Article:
Expanding on the first given definition that a woman who wears a noticeable amount of make-up is simply seeking attention and affirmation to compensate for her own low self-worth is deeply concerning. This is not to say there are not women who do this. Same is true for anyone; we all have areas we lack for which we compensate. However, to evaluate a woman solely based on the amount of product on her face in this light, is extremely presumptuous, not to mention a grossly inaccurate measurement style. My question to people who think in this manner is, “what is the ratio of make-up amount to self-esteem?” The answer is, there is none.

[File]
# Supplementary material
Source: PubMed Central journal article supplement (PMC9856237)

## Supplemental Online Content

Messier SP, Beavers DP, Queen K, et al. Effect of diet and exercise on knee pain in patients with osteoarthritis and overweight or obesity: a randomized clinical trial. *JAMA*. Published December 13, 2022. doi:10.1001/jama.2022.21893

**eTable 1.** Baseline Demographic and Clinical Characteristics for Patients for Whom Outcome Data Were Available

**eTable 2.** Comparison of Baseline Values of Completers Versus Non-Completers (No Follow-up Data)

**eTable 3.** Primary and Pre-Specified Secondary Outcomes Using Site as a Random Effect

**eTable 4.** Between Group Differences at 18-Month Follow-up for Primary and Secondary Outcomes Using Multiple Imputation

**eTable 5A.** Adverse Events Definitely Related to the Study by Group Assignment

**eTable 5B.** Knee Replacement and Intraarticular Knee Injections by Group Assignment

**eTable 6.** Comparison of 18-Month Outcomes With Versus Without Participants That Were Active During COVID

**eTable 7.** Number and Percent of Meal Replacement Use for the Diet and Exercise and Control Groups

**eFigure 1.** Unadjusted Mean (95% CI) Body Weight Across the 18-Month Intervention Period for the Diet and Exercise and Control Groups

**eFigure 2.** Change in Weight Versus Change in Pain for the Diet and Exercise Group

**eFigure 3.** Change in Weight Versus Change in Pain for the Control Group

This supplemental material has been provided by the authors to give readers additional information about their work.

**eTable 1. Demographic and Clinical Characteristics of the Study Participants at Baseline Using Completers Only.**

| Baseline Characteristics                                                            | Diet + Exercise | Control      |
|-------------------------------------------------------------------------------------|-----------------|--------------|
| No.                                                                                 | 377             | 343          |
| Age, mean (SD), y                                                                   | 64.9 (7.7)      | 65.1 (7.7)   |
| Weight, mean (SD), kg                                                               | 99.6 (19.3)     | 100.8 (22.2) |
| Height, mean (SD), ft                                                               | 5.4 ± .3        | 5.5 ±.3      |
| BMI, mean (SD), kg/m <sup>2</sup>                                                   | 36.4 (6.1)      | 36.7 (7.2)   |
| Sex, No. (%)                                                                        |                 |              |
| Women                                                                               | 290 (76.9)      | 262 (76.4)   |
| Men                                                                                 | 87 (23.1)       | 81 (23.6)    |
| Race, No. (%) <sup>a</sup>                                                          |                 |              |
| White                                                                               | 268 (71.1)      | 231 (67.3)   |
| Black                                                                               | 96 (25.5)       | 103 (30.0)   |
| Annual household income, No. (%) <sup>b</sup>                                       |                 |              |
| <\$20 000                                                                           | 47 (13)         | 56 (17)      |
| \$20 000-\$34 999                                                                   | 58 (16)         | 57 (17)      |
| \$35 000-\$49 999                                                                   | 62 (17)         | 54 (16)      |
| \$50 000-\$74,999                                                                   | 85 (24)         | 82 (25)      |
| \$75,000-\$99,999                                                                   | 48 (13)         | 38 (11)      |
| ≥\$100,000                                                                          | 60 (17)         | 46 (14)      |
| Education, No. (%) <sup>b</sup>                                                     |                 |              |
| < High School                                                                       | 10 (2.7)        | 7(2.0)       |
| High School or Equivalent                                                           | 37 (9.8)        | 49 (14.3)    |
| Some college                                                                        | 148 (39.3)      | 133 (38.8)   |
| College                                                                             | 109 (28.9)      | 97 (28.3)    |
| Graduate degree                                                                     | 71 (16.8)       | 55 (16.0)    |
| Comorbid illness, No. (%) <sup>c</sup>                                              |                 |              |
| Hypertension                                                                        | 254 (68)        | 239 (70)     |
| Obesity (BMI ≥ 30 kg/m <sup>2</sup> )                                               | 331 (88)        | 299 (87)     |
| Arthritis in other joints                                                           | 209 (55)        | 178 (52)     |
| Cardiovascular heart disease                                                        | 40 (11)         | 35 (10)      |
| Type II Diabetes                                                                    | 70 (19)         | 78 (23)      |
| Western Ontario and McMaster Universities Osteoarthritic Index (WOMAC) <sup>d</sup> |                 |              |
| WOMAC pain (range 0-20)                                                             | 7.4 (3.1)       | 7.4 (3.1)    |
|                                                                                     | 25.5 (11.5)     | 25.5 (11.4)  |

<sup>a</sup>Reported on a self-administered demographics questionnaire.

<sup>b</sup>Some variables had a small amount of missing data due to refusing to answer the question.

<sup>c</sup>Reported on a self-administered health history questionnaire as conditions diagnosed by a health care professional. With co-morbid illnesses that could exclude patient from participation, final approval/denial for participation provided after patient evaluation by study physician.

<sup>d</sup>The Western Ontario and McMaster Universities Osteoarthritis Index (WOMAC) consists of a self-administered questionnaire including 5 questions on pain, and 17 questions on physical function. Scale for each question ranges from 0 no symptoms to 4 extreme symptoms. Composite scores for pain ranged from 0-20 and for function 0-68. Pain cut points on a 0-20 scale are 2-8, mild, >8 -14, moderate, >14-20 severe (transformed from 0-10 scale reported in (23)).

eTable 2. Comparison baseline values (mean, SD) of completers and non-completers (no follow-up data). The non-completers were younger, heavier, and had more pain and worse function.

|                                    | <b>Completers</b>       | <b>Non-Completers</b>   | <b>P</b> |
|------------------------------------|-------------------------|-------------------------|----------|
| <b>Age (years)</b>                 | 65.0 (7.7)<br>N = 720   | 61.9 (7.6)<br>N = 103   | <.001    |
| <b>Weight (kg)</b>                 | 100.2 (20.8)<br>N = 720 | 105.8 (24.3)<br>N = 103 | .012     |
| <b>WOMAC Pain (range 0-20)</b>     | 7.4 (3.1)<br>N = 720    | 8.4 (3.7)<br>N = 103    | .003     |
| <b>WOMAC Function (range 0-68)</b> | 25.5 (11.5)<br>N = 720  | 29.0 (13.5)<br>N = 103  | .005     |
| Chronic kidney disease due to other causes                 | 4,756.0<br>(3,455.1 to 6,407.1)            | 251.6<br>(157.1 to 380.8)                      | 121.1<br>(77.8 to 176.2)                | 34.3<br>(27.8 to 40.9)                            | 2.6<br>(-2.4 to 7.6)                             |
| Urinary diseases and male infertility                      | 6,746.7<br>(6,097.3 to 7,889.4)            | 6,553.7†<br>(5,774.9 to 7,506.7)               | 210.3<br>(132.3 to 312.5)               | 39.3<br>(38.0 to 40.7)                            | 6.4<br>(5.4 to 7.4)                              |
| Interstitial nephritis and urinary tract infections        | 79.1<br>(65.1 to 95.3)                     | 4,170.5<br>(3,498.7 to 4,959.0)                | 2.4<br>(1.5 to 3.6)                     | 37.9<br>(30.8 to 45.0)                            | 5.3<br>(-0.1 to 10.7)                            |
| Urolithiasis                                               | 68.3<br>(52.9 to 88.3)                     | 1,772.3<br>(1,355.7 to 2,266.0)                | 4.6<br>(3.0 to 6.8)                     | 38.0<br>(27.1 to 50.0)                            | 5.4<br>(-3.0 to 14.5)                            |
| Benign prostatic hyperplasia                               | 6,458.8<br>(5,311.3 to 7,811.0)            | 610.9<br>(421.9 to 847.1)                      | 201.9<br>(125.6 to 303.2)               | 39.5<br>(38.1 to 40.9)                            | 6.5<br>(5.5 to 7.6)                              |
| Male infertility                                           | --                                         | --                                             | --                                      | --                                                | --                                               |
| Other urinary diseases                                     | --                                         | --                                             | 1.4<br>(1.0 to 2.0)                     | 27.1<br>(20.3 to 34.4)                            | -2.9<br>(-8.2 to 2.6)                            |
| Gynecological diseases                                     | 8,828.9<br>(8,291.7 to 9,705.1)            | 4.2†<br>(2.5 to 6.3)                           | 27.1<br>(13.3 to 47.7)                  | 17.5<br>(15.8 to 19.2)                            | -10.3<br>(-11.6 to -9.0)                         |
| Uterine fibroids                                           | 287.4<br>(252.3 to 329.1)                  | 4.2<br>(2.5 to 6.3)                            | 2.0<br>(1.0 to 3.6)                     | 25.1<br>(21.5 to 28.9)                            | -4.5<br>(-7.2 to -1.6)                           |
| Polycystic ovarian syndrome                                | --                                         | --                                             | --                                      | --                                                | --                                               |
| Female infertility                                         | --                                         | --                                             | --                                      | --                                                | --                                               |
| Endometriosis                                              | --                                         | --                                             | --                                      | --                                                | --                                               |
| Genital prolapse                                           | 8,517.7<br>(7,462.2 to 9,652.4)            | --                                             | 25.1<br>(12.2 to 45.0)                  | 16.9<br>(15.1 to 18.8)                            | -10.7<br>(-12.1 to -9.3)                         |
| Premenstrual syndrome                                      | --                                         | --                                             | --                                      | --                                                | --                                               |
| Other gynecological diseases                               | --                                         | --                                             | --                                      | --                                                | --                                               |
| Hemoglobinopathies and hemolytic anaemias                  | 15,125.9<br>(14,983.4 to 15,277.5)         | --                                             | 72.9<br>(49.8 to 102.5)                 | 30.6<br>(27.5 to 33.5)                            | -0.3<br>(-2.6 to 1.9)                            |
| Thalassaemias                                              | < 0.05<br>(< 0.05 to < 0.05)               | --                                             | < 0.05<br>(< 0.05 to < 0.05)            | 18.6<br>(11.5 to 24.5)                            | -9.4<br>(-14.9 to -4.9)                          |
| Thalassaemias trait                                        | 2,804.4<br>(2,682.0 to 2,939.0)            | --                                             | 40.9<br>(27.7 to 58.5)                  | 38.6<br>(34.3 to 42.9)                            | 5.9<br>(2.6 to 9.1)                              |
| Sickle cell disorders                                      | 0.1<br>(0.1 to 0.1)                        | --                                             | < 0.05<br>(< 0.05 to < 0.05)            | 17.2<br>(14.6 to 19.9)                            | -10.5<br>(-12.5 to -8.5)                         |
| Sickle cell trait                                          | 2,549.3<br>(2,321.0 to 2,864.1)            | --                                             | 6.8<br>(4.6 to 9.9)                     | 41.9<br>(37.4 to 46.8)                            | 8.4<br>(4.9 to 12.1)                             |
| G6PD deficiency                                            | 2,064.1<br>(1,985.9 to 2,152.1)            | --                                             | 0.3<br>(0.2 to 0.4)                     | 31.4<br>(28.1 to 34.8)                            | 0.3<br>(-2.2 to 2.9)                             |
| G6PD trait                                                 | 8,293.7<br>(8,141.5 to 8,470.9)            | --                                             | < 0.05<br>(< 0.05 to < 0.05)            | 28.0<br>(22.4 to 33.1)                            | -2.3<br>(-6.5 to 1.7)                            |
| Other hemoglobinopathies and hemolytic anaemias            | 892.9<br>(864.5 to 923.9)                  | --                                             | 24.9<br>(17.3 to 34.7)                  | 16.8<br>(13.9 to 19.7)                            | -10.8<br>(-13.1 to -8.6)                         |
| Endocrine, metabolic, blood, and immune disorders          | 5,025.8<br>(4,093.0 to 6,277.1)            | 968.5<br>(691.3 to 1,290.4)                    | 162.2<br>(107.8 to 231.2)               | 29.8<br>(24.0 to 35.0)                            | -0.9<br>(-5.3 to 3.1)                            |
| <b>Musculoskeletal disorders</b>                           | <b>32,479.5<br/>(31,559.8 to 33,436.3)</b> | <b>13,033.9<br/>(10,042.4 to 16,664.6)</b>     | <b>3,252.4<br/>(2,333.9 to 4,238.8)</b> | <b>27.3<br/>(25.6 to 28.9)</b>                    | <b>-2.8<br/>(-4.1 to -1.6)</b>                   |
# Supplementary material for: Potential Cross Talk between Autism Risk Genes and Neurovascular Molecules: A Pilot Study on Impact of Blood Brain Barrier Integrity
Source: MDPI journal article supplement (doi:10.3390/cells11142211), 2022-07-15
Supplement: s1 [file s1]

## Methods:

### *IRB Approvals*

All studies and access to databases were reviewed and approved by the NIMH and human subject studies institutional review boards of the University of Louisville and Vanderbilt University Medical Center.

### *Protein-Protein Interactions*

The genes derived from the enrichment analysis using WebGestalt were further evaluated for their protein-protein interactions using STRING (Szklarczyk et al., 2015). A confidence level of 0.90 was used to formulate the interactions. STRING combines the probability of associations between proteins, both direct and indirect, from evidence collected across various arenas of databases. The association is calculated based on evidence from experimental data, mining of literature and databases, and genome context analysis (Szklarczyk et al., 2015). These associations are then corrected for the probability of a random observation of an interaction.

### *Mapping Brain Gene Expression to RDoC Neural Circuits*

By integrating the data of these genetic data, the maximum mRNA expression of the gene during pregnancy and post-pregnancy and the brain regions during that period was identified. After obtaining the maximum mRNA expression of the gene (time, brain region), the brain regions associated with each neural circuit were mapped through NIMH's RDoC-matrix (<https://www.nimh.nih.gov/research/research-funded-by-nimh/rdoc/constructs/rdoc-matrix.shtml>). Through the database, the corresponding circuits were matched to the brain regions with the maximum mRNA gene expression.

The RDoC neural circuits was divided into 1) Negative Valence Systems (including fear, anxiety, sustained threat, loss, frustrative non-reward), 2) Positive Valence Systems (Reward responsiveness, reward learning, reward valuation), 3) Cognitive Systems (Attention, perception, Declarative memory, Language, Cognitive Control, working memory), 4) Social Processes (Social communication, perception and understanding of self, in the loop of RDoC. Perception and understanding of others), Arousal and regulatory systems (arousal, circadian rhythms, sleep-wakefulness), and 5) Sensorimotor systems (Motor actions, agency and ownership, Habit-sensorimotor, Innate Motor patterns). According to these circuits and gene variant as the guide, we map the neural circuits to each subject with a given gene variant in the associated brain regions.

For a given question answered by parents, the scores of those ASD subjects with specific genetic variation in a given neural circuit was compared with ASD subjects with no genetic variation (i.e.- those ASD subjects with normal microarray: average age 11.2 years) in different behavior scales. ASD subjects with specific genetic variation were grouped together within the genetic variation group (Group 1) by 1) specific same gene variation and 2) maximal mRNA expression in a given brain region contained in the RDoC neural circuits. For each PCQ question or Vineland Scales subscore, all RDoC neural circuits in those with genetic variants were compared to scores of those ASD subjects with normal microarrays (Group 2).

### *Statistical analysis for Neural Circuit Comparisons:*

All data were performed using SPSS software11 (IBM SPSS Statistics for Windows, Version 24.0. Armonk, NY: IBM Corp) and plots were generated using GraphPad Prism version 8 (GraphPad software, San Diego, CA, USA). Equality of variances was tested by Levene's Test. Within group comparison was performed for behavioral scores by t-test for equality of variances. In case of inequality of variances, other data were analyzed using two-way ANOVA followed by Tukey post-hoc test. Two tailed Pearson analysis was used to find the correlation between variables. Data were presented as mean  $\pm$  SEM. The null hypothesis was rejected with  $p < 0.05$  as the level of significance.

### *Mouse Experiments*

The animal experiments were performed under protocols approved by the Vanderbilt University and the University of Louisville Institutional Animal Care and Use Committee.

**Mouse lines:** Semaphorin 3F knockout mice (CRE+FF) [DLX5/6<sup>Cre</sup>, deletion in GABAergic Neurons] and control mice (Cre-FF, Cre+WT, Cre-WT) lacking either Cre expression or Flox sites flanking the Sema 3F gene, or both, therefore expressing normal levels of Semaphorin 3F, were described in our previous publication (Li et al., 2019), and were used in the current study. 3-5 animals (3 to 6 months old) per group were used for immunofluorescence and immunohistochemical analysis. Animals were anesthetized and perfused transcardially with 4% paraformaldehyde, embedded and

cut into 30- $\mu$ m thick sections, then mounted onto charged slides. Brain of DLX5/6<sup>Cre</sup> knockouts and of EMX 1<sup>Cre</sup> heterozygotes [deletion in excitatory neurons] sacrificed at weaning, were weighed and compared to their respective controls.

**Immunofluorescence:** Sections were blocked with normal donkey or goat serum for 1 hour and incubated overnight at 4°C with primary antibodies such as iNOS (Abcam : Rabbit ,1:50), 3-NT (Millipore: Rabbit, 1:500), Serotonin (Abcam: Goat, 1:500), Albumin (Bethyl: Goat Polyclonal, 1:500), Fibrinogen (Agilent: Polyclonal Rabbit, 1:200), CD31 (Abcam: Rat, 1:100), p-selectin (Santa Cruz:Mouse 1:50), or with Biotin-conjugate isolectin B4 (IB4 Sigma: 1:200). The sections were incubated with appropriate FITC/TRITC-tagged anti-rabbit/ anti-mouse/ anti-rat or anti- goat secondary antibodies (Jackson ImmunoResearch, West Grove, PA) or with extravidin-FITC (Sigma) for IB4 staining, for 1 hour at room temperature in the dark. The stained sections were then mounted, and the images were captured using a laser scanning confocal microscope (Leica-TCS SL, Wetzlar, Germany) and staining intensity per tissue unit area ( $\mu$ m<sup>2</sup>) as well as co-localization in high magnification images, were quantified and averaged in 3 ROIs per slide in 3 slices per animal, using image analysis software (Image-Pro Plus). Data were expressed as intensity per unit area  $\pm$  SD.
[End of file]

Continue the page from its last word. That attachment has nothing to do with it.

The second given definition of make-up is that it is “unnatural” and thereby, it discourages a woman to embrace herself without it. An interesting discussion point, brought up by a friend of mine and co-author of this blog, is the idea that women should love themselves without make-up. However, even that statement by itself still emphasises the outward beauty notion, which nullifies the point that is merely frivolous and insignificant. Although, I agree that women should love themselves beyond their appearance, not putting effort into how one looks can be just as shallow as applying make-up. On the contrary, the time and energy spent on looking a certain way can also be a testimony to our deeper identities. Loving oneself is a mentality which only that person can define for oneself. If taking a relaxing bath is enjoyable to a person and gives them a sense of inner peace, it is not up to their neighbour to say it is not fulfilling to said person.